The medialine: Housing Sparse, Demand Dense as Prices Rise in Israel’s Real Estate Market

Housing Sparse, Demand Dense as Prices Rise in Israel’s Real Estate Market

Housing deals were down by 24% this month but prices are still going up, and experts say they will keep rising as demand continues to grow

Israel has seen a decline in the number of real estate deals conducted – there were 24% fewer homes purchased in June compared to the same month last year, according to a report released by the Finance Ministry. Housing prices, however, not only remain high, they keep climbing – in the last year alone, housing prices went up by 17.8%, according to Israel’s Central Bureau of Statistics.

“It’s a combination of different circumstances which lead to a very counterintuitive result,” Ohad Dannus, former chairman of the Real Estate Appraisers Association in Israel, told The Media Line. “First of all, many of the deals taking place are only on paper, so the numbers don’t show the real number of houses bought and sold. And, second, there’s a dispute on why we see fewer deals. Part of it is that a lot of buyers are now waiting to see if there will be a change in policy in mortgages, so they are on the fence. Another important factor is that the deals that were made were more expensive. So, when these things happen together, we can see a decrease in the number of deals, but it doesn’t mean there is less demand,” he explained.

I have customers waiting for me to find them apartments for sale. The last apartment I went to had 15 real estate brokers in it at the same time. So, there are fewer options for deals, but the demand is still rising all the time.

Private investors, however, offer a simpler explanation.

“There are just not enough apartments. Prices are high but even that doesn’t help convince people to sell,” according to Tzachi Quatinsky, a real estate consultant. “I have customers waiting for me to find them apartments for sale. The last apartment I went to had 15 real estate brokers in it at the same time. So, there are fewer options for deals, but the demand is still rising all the time,” he told The Media Line.

Quatinsky says he doesn’t take seriously the report issued on Monday by the Finance Ministry.

“These reports are biased. It’s easy to show things from a certain perspective, to present the truth as you want it to be,” he said. “It’s not new. (Former Finance Minister Moshe) Kahlon used to do this all the time. He never let real estate appraisers add their data to the ministry’s reports, and insisted on showing things the way he wanted them. That’s what you get when elections are on the way,” he added. National elections are scheduled to be held in Israel on November 1.

Housing prices in Israel have been on a steep rise for the last two decades, and are considered by many to be the most urgent economic challenge Israel faces.

In 2011, a mass protest broke out, demanding reforms that would help bring down prices, but they only went up – by nearly 100% – since then.

“There are things you can do to help lower housing prices,” asserted Quatinsky. “Mass building projects in central areas, the industrial zone in Tel Aviv. Flood the market with new apartments for rent. This would take rent prices down, and fewer investors will buy apartments.”

He added that lowering taxes on houses would also lower prices on their sale.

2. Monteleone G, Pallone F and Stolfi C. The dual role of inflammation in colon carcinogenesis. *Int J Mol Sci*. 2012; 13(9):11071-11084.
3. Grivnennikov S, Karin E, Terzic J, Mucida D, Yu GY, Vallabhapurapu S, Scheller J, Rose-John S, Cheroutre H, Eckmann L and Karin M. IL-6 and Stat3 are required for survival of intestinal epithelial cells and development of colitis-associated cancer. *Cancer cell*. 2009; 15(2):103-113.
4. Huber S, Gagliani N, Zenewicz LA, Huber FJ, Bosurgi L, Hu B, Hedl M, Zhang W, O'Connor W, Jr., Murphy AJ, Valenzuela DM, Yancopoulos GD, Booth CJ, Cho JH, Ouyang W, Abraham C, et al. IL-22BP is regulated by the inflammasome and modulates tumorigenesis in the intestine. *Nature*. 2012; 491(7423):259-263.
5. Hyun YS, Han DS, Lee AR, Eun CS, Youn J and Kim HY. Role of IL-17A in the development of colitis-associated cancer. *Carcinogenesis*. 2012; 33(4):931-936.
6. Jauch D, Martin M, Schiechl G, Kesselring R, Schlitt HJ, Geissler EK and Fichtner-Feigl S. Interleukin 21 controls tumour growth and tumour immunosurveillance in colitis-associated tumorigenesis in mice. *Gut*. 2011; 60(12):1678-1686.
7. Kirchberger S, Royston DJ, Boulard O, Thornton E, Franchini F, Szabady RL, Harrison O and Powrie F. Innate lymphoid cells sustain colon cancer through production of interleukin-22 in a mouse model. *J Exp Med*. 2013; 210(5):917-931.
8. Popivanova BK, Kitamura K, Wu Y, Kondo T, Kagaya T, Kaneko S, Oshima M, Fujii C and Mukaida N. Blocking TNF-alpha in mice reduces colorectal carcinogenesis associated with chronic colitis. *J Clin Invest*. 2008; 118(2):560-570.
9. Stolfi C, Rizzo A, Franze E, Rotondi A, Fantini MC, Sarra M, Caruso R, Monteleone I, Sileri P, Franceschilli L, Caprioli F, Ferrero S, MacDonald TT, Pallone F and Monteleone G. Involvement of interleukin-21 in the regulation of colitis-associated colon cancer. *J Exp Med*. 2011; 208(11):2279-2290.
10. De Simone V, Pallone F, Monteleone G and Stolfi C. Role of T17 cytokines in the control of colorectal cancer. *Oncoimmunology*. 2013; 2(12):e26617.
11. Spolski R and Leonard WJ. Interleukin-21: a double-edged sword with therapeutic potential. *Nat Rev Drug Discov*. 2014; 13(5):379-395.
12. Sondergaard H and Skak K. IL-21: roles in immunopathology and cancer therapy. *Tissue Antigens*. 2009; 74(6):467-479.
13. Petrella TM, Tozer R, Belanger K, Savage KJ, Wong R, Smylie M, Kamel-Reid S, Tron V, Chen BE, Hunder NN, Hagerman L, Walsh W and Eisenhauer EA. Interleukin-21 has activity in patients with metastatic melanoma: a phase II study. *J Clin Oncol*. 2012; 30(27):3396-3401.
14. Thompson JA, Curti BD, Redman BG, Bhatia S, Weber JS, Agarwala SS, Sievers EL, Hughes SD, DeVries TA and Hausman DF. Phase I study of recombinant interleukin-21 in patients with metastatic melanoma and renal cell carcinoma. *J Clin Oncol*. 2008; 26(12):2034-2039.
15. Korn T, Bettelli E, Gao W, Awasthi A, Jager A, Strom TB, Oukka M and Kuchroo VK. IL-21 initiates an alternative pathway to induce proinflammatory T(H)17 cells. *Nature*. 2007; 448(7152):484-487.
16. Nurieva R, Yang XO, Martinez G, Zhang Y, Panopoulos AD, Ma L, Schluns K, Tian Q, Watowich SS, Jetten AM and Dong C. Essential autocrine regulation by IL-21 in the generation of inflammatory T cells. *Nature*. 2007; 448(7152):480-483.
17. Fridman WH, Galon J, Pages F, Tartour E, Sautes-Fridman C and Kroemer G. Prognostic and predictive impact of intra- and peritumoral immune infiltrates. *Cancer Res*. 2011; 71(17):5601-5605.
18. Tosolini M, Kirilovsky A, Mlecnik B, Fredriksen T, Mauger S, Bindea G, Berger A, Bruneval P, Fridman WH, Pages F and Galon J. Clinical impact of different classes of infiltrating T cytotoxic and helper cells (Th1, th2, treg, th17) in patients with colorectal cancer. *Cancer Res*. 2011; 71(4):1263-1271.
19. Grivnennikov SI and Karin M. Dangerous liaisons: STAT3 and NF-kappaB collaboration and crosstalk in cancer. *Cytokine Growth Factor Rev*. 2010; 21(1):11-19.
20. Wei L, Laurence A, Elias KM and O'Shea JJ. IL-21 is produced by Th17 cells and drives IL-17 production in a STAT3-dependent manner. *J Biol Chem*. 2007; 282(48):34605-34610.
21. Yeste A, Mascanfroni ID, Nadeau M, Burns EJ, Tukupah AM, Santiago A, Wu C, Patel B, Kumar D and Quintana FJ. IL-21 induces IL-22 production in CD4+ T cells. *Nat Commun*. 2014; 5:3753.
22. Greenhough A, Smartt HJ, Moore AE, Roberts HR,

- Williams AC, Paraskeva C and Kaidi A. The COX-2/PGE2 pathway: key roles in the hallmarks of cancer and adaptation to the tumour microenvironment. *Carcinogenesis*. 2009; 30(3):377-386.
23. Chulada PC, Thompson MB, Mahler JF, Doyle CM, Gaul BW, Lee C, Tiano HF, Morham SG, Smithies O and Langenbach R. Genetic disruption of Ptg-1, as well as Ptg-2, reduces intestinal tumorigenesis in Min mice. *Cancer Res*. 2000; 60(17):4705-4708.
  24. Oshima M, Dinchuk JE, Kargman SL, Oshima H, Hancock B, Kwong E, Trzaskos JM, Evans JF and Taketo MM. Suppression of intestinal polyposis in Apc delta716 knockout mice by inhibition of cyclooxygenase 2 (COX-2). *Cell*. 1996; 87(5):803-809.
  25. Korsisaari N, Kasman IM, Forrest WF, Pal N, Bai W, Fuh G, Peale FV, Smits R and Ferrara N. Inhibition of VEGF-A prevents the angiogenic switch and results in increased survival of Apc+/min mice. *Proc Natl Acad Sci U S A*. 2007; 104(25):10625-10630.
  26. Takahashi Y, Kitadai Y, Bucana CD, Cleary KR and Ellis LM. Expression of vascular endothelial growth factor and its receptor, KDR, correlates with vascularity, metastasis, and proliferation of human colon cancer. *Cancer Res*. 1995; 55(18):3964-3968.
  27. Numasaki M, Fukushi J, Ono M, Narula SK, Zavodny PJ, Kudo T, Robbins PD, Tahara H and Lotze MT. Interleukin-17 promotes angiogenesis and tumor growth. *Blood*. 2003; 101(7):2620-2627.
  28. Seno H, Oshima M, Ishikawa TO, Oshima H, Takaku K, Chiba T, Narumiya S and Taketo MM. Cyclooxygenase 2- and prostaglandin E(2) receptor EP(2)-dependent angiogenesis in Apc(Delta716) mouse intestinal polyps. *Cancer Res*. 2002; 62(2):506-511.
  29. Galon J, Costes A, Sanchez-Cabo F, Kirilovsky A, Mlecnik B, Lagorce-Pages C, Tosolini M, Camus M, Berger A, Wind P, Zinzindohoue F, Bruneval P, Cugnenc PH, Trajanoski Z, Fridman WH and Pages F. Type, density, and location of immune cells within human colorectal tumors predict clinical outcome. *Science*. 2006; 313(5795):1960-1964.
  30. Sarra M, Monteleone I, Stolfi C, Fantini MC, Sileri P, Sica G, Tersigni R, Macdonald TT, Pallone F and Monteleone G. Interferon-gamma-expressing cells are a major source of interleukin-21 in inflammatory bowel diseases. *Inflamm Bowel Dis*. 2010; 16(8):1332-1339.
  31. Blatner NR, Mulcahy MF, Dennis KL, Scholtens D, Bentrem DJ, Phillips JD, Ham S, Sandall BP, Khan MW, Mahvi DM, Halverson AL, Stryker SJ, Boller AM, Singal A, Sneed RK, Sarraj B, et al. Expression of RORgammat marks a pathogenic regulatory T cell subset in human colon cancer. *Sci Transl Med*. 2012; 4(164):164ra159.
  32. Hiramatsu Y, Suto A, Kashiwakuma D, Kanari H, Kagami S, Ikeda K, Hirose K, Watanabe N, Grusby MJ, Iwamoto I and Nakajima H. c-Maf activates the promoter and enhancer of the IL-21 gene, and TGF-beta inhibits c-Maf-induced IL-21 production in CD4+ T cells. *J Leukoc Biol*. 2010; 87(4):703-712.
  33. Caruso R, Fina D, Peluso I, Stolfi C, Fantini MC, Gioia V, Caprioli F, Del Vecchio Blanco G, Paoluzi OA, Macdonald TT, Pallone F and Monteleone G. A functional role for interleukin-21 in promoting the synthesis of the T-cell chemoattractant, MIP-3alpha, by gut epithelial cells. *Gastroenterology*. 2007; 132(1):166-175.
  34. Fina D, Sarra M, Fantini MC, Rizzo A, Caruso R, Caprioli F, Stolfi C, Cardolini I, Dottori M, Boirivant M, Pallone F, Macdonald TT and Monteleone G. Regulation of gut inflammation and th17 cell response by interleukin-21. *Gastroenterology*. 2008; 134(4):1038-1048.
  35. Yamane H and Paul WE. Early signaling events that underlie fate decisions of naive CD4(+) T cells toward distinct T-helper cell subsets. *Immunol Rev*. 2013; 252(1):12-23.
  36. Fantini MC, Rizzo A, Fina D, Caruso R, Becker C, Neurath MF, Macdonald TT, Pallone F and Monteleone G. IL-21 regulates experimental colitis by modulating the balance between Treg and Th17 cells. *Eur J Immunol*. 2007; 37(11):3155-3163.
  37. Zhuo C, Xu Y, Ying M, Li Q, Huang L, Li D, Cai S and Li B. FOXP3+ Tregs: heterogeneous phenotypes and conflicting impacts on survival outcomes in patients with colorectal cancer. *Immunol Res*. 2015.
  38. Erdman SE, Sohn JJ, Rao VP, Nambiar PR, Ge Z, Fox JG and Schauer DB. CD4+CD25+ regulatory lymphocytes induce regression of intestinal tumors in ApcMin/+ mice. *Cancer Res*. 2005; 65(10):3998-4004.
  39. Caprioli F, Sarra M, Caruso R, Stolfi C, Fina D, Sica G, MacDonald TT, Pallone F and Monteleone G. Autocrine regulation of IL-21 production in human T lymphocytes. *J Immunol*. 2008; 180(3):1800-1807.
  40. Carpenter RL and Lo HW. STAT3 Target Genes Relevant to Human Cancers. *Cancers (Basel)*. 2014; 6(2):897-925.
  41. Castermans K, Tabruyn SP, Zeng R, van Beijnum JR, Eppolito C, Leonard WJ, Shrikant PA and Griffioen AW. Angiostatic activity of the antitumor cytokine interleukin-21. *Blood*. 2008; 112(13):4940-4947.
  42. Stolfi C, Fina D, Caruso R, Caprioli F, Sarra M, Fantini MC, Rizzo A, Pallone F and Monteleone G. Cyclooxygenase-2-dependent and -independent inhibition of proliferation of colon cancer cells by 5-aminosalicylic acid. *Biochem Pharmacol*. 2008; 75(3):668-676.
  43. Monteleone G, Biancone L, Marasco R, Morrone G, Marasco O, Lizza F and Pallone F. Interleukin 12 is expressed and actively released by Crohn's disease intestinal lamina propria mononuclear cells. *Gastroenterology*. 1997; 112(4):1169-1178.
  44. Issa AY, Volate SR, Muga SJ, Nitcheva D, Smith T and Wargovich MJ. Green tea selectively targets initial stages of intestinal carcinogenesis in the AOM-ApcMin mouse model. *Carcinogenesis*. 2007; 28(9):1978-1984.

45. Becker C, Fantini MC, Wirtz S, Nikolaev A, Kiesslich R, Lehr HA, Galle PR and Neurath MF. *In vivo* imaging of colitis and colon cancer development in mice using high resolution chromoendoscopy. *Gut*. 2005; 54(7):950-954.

“Nowadays the taxes for purchasing and selling a house are so high that it paralyzes the market. People are afraid to sell because they might lose large amounts of money. The less people sell, the fewer number of houses are on the market, and the higher prices are,” he said.

But Quatinsky also is skeptical that the Finance Ministry will change its policy. Finance Minister Avigdor Liberman “is proud about how he has covered Israel’s debt in his time as a minister. But he covered it with taxes on housing. And these taxes make housing more expensive, thus the money is coming right out of people’s pockets,” he explained.

Dannus is also critical of Finance Ministry of policies. “They did too little in some areas, and made grave mistakes in others. They avoided large reforms that would have increased the supply, but they also left high taxes on housing, so people don’t sell anymore,” he said. “To solve this, they should allow people, at least for a specific limited period, sell their assets with lower taxes. It’ll help the market.”

But the most important action to take, according to Dannus, is to build more apartments.

“It’s important to note, Israel’s housing crisis is nothing like the subprime crisis. It’s not a bubble about to explode. It’s a simple conflict between very high demand – of people looking to live somewhere, and a supply that just doesn’t match it,” he said, adding: “If we look at the population growth rate in Israel, we’ll see we need to build the parallel of another state in the next 25 years, to match demand. I’m highly doubtful there’s any chance of that happening.”

Both men say that foreign investors do not play a role in the high demand for houses in Israel.

“Despite the common misconception, it is a very narrow piece of the real estate market in Israel, and it’s mainly luxury housing. We do see some slowing down in that specific market, but it doesn’t influence the bigger picture,” Dannus said.

Quatinsky adds that foreign buyers don’t look to make money from their houses in Israel, most of the time.

“American and French buyers purchasing houses here are mostly making an emotional purchase. They don’t care about renting it out, they want to have a place to come to in Israel. So, they’re really not becoming a part of the market,” he explained.

The Finance Ministry refused a request from The Media Line for an interview, saying: “All the information is available on the website of the ministry.”

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